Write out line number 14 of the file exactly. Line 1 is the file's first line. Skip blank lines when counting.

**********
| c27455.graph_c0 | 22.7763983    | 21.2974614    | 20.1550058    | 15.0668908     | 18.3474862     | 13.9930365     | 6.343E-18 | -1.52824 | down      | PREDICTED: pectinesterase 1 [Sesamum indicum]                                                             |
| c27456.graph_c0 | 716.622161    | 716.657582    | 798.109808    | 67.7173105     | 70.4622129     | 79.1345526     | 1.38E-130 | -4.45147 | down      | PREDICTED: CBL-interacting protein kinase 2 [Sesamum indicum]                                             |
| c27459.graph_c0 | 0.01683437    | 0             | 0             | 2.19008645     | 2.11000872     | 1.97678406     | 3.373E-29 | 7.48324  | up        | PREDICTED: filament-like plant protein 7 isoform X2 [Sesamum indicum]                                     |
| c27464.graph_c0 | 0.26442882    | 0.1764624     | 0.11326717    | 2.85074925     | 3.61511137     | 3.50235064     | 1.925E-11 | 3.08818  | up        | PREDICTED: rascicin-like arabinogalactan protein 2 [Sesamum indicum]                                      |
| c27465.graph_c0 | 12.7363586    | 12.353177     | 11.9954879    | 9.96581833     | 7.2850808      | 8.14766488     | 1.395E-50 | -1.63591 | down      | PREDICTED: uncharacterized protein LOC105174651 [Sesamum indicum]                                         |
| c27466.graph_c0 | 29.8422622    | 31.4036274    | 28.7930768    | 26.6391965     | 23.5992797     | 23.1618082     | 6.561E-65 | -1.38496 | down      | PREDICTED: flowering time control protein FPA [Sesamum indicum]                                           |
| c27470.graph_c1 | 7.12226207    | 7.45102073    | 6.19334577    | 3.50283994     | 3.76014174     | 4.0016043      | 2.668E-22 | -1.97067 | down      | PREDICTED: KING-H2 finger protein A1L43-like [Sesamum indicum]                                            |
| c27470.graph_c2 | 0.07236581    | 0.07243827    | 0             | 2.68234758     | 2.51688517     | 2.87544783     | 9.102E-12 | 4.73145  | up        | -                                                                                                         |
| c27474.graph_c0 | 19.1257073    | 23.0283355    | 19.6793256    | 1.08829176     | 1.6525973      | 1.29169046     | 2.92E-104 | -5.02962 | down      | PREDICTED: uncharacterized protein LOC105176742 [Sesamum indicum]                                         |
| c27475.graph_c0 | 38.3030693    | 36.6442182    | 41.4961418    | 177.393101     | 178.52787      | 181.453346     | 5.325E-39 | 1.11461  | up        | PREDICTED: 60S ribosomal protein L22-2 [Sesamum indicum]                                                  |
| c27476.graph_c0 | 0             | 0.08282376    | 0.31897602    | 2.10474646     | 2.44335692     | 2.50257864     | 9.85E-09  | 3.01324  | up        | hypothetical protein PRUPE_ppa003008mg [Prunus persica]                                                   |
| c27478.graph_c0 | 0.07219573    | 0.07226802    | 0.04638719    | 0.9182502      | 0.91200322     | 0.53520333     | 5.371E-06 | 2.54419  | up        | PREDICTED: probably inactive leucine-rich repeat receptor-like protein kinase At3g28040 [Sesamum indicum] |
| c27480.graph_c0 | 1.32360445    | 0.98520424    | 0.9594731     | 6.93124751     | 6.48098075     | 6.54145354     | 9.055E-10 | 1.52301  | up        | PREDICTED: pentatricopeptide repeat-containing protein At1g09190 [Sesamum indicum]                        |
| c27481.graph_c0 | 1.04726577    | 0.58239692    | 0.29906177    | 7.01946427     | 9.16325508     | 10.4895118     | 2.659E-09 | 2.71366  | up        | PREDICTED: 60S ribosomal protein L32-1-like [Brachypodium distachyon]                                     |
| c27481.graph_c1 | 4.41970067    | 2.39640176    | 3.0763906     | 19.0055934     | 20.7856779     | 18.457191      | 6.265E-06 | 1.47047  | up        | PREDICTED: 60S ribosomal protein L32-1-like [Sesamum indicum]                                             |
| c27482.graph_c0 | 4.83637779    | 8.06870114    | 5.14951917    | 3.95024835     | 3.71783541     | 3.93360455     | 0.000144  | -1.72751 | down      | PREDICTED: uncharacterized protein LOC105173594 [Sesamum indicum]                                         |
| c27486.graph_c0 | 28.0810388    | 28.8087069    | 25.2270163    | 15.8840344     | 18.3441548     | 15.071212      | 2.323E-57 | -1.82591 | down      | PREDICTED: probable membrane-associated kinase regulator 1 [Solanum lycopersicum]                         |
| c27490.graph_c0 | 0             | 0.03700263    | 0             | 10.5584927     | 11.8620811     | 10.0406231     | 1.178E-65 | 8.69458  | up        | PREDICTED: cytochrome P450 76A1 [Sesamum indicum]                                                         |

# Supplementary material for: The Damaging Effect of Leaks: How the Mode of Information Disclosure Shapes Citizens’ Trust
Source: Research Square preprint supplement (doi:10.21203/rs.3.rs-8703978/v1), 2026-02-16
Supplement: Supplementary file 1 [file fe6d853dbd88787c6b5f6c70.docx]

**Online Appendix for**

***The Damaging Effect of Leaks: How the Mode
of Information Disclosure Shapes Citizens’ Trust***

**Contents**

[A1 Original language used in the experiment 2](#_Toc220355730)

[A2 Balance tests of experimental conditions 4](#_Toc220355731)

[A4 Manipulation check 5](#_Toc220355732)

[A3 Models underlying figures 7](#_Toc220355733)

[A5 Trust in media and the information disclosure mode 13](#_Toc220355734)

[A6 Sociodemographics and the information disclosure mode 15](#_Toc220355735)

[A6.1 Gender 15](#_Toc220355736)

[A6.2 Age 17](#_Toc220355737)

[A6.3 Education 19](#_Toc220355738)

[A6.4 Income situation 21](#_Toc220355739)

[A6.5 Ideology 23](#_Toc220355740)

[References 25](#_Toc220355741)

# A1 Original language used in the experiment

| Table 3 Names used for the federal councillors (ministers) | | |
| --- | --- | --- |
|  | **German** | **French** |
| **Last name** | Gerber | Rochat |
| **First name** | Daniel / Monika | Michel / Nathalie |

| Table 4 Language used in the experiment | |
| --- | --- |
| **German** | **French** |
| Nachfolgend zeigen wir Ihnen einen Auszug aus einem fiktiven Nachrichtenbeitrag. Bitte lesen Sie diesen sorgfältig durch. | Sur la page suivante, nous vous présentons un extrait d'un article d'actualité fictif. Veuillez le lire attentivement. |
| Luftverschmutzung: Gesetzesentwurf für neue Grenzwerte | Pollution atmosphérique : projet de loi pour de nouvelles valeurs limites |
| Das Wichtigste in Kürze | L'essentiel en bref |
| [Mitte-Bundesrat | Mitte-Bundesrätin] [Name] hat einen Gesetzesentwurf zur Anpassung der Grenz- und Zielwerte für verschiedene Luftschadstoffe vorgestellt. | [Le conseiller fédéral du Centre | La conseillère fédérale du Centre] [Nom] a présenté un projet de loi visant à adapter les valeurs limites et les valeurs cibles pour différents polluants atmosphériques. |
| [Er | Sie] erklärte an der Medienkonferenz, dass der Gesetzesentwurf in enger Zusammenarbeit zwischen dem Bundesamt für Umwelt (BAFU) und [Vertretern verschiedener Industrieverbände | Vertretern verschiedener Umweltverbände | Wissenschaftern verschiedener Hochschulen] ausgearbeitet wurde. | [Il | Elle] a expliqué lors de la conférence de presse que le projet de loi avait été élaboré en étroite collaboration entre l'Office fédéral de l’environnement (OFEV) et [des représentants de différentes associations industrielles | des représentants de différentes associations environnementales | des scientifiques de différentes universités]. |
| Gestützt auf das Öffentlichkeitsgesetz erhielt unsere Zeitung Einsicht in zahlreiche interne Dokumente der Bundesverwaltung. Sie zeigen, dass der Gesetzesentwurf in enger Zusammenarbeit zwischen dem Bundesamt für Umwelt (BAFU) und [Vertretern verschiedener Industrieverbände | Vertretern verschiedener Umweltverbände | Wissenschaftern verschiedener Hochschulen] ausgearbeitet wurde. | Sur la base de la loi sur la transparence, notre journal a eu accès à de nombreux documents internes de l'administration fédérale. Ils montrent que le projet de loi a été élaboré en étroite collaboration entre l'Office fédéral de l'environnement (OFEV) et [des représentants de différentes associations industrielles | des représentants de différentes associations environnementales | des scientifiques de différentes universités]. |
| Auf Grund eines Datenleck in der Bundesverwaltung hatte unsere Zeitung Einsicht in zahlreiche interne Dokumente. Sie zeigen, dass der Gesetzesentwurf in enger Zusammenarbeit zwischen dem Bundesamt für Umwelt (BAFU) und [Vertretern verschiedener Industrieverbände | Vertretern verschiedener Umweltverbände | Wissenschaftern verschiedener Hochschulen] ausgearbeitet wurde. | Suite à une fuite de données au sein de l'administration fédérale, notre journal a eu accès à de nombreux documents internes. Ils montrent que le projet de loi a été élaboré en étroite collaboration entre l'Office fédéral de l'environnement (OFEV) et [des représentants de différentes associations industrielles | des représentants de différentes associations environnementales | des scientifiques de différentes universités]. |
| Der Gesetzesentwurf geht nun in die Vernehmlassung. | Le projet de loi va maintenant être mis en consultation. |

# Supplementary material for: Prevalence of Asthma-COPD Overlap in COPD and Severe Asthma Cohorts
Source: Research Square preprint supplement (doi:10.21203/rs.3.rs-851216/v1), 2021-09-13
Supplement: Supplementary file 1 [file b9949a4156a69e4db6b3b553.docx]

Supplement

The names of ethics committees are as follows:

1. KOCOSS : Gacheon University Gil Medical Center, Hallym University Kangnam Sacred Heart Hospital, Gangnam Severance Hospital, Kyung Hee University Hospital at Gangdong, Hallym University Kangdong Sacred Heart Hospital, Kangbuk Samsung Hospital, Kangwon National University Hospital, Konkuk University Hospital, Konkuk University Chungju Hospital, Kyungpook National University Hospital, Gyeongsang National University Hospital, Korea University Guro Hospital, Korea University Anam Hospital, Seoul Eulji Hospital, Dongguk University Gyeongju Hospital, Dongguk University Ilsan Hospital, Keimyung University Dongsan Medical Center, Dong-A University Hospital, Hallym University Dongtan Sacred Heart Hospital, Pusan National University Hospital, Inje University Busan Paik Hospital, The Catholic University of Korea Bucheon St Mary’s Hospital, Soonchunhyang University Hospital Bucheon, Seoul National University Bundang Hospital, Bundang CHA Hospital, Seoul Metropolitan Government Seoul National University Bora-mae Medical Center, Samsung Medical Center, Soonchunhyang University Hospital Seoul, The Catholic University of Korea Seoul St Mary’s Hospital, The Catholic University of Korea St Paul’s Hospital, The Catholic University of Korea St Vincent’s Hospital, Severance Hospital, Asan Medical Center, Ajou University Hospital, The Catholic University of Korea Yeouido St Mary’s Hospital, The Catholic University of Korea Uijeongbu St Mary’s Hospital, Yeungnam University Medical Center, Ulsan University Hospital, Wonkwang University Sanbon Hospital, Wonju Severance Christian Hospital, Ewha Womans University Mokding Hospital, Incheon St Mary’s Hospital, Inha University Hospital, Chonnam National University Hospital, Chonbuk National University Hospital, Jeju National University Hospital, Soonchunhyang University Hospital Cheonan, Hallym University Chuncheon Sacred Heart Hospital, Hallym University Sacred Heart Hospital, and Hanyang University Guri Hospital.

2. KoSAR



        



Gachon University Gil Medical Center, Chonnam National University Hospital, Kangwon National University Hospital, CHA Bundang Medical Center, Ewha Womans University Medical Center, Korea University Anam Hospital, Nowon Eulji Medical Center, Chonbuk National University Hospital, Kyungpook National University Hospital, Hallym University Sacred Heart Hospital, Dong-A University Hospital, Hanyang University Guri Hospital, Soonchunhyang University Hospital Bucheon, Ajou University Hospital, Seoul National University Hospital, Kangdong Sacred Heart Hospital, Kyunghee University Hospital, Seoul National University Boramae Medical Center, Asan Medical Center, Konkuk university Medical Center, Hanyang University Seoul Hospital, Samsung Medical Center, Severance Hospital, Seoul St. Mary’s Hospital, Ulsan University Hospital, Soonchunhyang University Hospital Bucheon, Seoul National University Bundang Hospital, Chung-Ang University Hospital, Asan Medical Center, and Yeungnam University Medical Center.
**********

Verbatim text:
| c27481.graph_c0 | 1.04726577    | 0.58239692    | 0.29906177    | 7.01946427     | 9.16325508     | 10.4895118     | 2.659E-09 | 2.71366  | up        | PREDICTED: 60S ribosomal protein L32-1-like [Brachypodium distachyon]                                     |